The Goldfinch - Prime Women Magazine

The Goldfinch

The Goldfinch book review

Donna Tartt’s third novel, The Goldfinch, has been long-awaited and is now celebrated as number one atop the New York Times best-seller list. It is the rare combination of incredibly well written literary fiction and gripping drama to the point of being a thriller. Many times the number one spot goes to the likes of John Gresham, Dan Brown, or James Patterson but Ms. Tartt deserves her accolades as the best-selling author in the U.S. She is after all a woman in her prime providing a fascinating read. Do yourself a favor and download her novel or buy her novel as you dash through the airport.

The Goldfinch by Donna Tartt:

The Goldfinch is the story of Theo Drucker, a 13 year old boy who visits the Metropolitan Museum of Art with his Mother while they kill an hour before they meet with the headmaster of Theo’s school. Theo is likely facing suspension for youthful hijinx and is dreading the meeting at the school, and he welcomes the diversion at the museum. They see his mother’s favorite two paintings, The Goldfinch by Carel Fabritius and The Anatomy Lesson of Dr. Nicolaes Tulp by Rembrandt. While they are in the galleries of the NYC museum that specialize in Dutch artists, a terrorist’s bomb goes off killing Theo’s mother and many others. Theo is stunned and mildly injured and when he awakens, he goes to the aid of an elderly man by the name of Welty Blackwell that he had been watching before the blast.

Theo decides to get involved with Mr. Blackwell because he was fascinated with Mr. Blackwell’s companion, a red-haired girl by the name of Pippa, Theo had observed the whole time that he had been in the museum. Theo believes that Mr. Blackwell and Pippa are grandfather and granddaughter. Theo listens to a cryptic message from the old man and accepts instructions and a ring from him for a friend of Mr. Blackwell’s. Mr. Blackwell seemed to be pointing to The Goldfinch painting when he expires and Theo feels a compulsion to take the painting which has come loose from its frame. This action will affect the rest of his life, and makes for a riveting tale.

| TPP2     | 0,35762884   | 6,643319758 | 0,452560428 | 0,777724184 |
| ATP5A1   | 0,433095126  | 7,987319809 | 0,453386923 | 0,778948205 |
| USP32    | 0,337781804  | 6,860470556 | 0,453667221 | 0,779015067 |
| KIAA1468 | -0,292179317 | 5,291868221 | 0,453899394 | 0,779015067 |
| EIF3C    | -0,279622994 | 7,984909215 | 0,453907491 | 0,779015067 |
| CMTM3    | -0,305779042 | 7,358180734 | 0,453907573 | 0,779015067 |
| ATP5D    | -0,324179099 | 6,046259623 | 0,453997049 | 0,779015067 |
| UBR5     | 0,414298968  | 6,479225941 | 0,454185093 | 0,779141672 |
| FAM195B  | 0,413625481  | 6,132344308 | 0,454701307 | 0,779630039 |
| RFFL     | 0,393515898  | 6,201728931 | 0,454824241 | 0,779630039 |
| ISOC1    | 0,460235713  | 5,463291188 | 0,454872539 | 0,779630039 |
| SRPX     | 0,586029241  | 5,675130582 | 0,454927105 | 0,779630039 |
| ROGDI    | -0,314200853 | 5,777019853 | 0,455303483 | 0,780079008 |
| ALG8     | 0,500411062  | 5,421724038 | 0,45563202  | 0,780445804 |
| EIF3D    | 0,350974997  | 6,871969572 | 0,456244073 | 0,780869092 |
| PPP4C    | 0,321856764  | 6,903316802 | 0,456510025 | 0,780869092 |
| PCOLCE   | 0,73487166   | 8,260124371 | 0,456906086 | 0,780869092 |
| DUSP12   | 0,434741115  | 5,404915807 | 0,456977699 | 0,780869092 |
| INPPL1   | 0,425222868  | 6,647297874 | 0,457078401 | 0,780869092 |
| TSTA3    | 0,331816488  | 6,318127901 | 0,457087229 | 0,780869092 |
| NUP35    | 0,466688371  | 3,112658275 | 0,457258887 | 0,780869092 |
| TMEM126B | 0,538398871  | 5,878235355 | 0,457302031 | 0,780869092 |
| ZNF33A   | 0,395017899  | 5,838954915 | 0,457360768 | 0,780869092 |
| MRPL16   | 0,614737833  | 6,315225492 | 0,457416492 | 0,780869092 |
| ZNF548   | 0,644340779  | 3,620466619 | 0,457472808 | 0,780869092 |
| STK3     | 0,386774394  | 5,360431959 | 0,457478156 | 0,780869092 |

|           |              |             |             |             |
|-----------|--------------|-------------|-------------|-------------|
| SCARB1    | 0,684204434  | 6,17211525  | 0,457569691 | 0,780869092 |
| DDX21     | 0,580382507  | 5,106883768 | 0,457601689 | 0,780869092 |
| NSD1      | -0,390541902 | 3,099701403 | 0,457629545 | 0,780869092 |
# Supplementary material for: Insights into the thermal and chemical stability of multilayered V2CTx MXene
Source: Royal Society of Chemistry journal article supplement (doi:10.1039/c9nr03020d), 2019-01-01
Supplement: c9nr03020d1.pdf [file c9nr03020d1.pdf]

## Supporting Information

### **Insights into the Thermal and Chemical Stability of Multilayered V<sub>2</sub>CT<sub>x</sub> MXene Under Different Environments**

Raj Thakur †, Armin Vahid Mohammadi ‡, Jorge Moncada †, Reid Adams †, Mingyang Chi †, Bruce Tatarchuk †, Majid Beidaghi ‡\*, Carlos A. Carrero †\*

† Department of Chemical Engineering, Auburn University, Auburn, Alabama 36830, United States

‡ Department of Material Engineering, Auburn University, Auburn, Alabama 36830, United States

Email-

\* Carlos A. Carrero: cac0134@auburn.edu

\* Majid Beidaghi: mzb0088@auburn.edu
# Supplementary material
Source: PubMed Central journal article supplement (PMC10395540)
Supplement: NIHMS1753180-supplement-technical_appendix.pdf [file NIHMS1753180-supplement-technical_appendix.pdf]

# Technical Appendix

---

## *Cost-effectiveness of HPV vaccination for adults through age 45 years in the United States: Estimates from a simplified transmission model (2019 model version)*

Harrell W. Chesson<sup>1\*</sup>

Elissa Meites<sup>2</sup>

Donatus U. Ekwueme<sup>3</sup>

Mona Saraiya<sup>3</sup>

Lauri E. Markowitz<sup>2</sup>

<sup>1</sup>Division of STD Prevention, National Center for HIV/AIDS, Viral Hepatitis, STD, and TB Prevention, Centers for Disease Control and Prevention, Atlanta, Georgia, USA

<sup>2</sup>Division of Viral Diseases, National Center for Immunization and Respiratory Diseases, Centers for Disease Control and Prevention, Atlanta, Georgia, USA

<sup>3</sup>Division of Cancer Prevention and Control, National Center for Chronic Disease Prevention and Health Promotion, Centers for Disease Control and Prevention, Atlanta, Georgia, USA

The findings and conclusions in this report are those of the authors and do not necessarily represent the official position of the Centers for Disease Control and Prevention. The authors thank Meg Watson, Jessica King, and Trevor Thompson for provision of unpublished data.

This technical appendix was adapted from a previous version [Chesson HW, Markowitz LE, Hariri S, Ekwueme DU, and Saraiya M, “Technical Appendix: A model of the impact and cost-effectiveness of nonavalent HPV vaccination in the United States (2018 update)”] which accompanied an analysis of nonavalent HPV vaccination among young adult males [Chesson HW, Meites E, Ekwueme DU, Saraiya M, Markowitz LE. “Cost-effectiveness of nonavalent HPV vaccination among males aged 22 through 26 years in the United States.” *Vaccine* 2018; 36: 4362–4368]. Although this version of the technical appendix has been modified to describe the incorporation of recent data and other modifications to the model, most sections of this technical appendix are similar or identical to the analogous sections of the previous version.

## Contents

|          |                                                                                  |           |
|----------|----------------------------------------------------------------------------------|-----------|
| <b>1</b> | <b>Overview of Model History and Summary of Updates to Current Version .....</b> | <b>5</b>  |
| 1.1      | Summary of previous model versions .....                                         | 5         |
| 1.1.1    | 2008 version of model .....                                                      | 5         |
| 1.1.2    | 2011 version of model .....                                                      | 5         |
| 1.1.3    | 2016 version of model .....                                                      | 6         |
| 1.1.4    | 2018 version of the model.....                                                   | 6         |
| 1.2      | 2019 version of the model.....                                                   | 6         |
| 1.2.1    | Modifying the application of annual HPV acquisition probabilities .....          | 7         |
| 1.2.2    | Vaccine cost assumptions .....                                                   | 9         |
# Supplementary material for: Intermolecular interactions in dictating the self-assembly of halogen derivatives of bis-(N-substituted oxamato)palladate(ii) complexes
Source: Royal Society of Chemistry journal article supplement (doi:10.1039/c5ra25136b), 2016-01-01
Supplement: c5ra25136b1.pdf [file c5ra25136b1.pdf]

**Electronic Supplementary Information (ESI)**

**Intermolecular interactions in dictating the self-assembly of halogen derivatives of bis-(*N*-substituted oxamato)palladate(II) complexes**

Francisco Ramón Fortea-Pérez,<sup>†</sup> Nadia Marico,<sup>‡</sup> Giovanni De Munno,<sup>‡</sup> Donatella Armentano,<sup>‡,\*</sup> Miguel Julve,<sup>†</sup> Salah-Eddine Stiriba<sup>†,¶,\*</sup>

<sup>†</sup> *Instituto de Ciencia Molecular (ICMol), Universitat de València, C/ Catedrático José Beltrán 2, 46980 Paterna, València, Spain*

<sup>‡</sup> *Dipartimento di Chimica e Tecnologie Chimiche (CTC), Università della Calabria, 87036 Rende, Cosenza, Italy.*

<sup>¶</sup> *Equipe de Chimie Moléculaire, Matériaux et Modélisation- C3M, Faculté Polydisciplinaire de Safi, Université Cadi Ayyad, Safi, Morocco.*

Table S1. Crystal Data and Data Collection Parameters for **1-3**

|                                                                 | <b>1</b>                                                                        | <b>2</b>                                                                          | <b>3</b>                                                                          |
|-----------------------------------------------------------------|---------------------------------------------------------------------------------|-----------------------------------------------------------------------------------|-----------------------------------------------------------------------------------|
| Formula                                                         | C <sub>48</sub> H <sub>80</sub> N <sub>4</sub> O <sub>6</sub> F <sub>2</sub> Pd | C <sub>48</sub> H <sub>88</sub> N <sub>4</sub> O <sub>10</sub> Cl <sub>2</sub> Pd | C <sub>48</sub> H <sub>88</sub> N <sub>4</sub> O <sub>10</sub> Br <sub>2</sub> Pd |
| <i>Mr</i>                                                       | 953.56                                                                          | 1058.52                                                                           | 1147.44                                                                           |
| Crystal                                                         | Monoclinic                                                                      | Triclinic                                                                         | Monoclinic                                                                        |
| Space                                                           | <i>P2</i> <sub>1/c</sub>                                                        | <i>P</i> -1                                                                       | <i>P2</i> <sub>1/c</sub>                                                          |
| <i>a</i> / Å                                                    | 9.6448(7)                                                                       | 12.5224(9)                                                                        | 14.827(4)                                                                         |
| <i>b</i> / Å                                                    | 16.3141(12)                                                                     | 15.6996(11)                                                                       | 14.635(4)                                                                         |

The tiny masterpiece that Theo steals is by Carel Fabritius (1654) and becomes so symbolic of Theo’s struggles to gain the life that he feels he is meant to have. The painting presents a terrible burden of guilt as Theo struggles to return it, and make a life for himself filled with love and familial connections. A tortuous series of adventures defines Theo efforts to belong and to understand his place in the world no matter how skewed it is at times. Ms. Tartt uses art to buffer and explain the difficulties and miracles of life.

By book’s end, you will be eager to see the small masterpiece of the yellow-winged song bird, but don’t look for it at the Met. This placement was literary license on the author’s part. The Goldfinch (approx. 13 in. x 8 in.) hangs in Mauritshaus, Netherlands. A trip to see the tiny masterpiece is definitely worth the effort. As reading The Goldfinch, the novel, is definitely worth the effort.

Happy reading.


Update 5/5/14: On April 21, 2014, when the Pulitzer Prize Committee announced the winners for 2013, the prize for Distinction in Literature went to Donna Tartt for The Goldfinch. This was the initial piece of fiction reviewed by PW and we were not surprised at the Pulitzer Committee’s choice in this category. It is a truly extraordinary work by a woman in her prime. At one point, the book was at the top of the NYTimes best sellers list for fiction. It is still on the list but rests at number 7 as this footnote is being written. Congratulations to Ms. Tartt. This is a well earned honor.

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